Participant Marie Hubbard (above) commented: “As well as trialling the Electric Nation vehicle to grid charger, I have solar panels on the roof of my house, and an electricity tariff that allows me to import and export energy. So I set the vehicle to charge during the night when electricity prices are lower, and I exported energy from the vehicle to the grid during the peak times of higher demand.
“The result is that as well as reducing my electricity bill from £50 to £25 per month, I also made £25 per month by supplying energy to the grid. This shows that vehicle to grid charging has the potential to reduce people’s energy bills, as well as helping to reduce the amount of electricity generated by fossil fuels.”
Porsche V2G trial
In early 2022, Porsche conducted a "realistic pilot test" of V2G technology in collaboration with German grid operator TransnetBW and consulting firm Intelligent Energy System Services (IE2S). This demonstrated that electrical balancing power can be stored in the batteries of an "intelligent swarm" of electric cars.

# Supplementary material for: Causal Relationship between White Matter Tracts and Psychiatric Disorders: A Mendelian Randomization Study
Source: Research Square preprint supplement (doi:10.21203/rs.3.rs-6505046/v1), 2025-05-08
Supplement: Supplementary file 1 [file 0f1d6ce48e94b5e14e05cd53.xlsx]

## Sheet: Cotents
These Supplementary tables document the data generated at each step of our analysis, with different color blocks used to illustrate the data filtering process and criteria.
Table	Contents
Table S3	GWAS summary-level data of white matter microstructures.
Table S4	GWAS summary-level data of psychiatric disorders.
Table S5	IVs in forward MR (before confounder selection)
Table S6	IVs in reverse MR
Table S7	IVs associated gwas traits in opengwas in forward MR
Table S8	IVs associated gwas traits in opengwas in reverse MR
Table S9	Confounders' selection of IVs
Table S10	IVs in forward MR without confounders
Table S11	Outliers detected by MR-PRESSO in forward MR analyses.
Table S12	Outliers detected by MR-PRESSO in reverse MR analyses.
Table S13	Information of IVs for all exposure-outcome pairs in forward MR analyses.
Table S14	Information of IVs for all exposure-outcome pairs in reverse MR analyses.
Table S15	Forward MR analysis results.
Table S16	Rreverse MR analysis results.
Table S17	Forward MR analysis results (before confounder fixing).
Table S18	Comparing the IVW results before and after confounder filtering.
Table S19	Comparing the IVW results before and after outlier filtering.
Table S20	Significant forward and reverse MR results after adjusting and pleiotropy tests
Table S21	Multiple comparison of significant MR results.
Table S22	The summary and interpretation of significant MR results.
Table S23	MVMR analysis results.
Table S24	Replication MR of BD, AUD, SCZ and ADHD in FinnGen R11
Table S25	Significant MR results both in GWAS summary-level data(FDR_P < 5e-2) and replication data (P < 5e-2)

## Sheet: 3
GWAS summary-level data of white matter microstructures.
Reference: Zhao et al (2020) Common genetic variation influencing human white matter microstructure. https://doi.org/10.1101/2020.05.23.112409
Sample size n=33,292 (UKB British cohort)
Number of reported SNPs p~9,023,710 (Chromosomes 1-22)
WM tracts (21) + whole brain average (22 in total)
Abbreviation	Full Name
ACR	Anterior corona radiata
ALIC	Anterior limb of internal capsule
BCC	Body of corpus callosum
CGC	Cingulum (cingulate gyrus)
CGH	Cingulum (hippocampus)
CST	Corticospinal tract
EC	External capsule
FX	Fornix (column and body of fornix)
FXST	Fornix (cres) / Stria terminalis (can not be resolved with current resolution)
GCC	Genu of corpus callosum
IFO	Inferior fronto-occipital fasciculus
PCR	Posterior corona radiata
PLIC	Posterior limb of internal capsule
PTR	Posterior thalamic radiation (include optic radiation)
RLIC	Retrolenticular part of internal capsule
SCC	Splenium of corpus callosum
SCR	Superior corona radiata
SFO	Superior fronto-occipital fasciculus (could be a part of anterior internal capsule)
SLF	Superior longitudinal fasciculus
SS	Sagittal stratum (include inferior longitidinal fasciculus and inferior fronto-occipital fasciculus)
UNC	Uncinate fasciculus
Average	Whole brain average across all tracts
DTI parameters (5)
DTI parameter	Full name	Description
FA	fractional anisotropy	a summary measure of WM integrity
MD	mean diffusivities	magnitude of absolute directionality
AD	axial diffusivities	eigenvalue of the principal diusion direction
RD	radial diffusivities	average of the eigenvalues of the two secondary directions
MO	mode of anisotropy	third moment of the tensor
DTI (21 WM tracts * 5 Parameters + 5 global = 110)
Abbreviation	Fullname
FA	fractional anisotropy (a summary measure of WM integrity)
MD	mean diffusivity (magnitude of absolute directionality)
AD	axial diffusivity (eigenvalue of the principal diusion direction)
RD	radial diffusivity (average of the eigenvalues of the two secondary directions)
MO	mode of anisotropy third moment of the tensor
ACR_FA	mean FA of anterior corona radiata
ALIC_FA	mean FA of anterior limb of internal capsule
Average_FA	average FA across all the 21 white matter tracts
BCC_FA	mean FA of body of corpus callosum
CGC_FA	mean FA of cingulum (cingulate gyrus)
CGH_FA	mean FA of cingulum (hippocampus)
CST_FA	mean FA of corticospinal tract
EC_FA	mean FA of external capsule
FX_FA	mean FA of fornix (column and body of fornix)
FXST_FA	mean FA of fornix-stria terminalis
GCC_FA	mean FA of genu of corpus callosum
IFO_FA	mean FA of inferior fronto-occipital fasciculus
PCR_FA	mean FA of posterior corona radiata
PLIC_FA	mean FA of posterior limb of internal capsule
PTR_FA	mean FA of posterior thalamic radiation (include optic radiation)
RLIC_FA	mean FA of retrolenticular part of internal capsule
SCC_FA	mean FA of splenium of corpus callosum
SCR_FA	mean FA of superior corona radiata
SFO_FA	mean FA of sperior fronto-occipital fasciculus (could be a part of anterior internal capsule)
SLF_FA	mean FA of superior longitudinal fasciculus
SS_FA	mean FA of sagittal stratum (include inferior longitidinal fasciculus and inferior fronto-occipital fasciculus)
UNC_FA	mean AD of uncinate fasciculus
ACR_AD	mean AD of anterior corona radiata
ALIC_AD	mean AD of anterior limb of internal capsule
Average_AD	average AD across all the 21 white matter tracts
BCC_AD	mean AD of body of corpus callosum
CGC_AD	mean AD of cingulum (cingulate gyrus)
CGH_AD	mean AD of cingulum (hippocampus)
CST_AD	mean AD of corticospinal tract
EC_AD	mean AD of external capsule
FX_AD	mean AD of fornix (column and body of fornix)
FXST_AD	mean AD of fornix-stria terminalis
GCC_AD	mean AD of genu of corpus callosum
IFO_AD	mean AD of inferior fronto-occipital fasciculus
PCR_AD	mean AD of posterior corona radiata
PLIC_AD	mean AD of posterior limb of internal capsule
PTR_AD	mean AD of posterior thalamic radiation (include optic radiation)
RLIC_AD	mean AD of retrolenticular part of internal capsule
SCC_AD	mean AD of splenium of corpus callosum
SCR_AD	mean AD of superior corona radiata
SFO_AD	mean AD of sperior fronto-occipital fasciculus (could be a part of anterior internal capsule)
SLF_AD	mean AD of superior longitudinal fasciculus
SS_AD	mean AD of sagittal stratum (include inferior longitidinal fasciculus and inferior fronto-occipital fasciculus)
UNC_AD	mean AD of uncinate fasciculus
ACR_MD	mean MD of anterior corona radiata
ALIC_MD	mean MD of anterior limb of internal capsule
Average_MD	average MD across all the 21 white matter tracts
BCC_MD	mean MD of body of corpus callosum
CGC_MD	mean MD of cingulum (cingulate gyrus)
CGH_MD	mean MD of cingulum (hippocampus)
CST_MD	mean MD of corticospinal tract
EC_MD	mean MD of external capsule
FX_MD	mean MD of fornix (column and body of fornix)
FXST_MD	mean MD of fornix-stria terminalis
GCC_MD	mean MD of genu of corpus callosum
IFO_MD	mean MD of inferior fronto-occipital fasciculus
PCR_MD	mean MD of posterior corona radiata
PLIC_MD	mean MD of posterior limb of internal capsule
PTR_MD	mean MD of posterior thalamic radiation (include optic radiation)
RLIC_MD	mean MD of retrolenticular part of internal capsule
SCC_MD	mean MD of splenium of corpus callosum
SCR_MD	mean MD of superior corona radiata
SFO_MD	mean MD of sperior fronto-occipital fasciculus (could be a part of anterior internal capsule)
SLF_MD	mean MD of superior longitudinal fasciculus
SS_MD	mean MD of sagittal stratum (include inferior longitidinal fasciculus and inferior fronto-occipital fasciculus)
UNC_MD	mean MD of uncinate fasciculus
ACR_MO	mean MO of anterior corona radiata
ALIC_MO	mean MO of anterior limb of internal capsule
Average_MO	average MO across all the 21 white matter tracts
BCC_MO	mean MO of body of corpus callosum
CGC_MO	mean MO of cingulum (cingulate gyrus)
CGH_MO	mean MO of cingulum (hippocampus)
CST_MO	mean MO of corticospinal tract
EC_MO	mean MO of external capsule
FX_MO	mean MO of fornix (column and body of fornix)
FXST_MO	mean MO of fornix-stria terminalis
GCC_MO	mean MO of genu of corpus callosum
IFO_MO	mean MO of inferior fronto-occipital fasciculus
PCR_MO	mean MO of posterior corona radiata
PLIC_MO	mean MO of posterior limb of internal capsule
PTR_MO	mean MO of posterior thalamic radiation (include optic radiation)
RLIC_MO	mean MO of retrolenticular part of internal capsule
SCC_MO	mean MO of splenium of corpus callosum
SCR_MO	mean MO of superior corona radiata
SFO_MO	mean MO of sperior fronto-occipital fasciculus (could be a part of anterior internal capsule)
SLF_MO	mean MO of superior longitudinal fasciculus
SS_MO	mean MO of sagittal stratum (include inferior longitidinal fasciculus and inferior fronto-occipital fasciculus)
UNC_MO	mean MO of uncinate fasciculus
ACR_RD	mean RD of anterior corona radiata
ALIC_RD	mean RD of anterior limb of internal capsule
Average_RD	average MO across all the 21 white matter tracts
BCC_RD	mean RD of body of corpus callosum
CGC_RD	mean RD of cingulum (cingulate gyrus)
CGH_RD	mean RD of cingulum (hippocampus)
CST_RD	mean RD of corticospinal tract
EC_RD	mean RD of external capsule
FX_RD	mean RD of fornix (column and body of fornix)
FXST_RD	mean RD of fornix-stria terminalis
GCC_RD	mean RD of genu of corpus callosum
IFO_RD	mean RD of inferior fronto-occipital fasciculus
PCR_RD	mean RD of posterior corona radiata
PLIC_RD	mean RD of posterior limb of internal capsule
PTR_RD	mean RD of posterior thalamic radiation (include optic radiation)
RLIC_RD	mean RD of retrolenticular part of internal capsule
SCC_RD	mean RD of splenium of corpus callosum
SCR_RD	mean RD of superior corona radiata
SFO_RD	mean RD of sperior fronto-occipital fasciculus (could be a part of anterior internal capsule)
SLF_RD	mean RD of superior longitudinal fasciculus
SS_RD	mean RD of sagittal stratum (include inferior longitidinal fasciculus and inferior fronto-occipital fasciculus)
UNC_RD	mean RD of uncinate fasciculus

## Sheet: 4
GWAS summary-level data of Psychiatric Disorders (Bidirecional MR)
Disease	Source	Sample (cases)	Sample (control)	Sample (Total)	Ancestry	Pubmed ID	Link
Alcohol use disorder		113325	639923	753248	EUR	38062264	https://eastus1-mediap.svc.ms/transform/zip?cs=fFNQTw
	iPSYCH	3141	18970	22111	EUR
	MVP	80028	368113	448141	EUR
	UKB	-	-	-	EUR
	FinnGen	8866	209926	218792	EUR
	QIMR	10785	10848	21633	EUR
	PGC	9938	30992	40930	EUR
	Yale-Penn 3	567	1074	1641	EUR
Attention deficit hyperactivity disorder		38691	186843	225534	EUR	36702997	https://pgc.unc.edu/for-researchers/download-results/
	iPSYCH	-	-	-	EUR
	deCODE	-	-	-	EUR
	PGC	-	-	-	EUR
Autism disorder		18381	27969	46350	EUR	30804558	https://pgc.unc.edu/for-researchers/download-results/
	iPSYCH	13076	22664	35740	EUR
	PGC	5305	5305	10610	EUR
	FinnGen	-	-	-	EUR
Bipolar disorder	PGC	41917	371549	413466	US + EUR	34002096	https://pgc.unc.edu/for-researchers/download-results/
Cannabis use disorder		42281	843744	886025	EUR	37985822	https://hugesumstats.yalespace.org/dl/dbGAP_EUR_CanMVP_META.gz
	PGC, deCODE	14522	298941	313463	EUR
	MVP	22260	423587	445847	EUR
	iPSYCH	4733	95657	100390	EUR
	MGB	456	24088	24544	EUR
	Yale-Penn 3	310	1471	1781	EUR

Five Porsche Taycans were connected to the grid using the Porsche Home Energy Manager (HEM), both in a domestic environment and under laboratory conditions. A cloud-based pooling system developed by IE2S co-ordinated and controlled the charging process of the cars in real time, translating the grid operator’s balancing power set points into signals.
Fiat-Chrysler V2G trial
Working with ENGIE, the Italian firm (part of the Stellantis Group) has begun development of V2G infrastructure. In May 2020, work began at the company's Mirafiori complex to install V2G points to connect 64 electric cars to the grid. This increased to 700 cars by the end of 2021.
While this technology is currently limited to FCA’s own HQ and fleet of vehicles, the project represents a starting point for the technology and is another sign that big car companies are taking V2G seriously. It’s most likely that any commercial version of FCA’s V2G technology would first roll out across Italy before it made its way to the rest of Europe and the UK.
Audi V2H trial
Working in partnership with electrical installation firm Hager Group, Audi is developing a V2H (Vehicle to Home) system, whereby a car's battery serves as a "temporary storage medium" for power produced by domestic solar panels. This power can be fed back into the home when sunlight levels are low, reducing electricity costs and increasing the stability of the network
Audi says this could be expanded to include a home electricity storage unit working alongside the car, allowing for "energy independence" and greater security against blackouts. During the research project exploring this technology, an Audi e-tron with bi-directional charging capability was used, along with a 12kW wallbox and a 9kWh home storage unit. It's not yet clear when this technology will make it to production Audi models, but it doesn't seem to be too far off.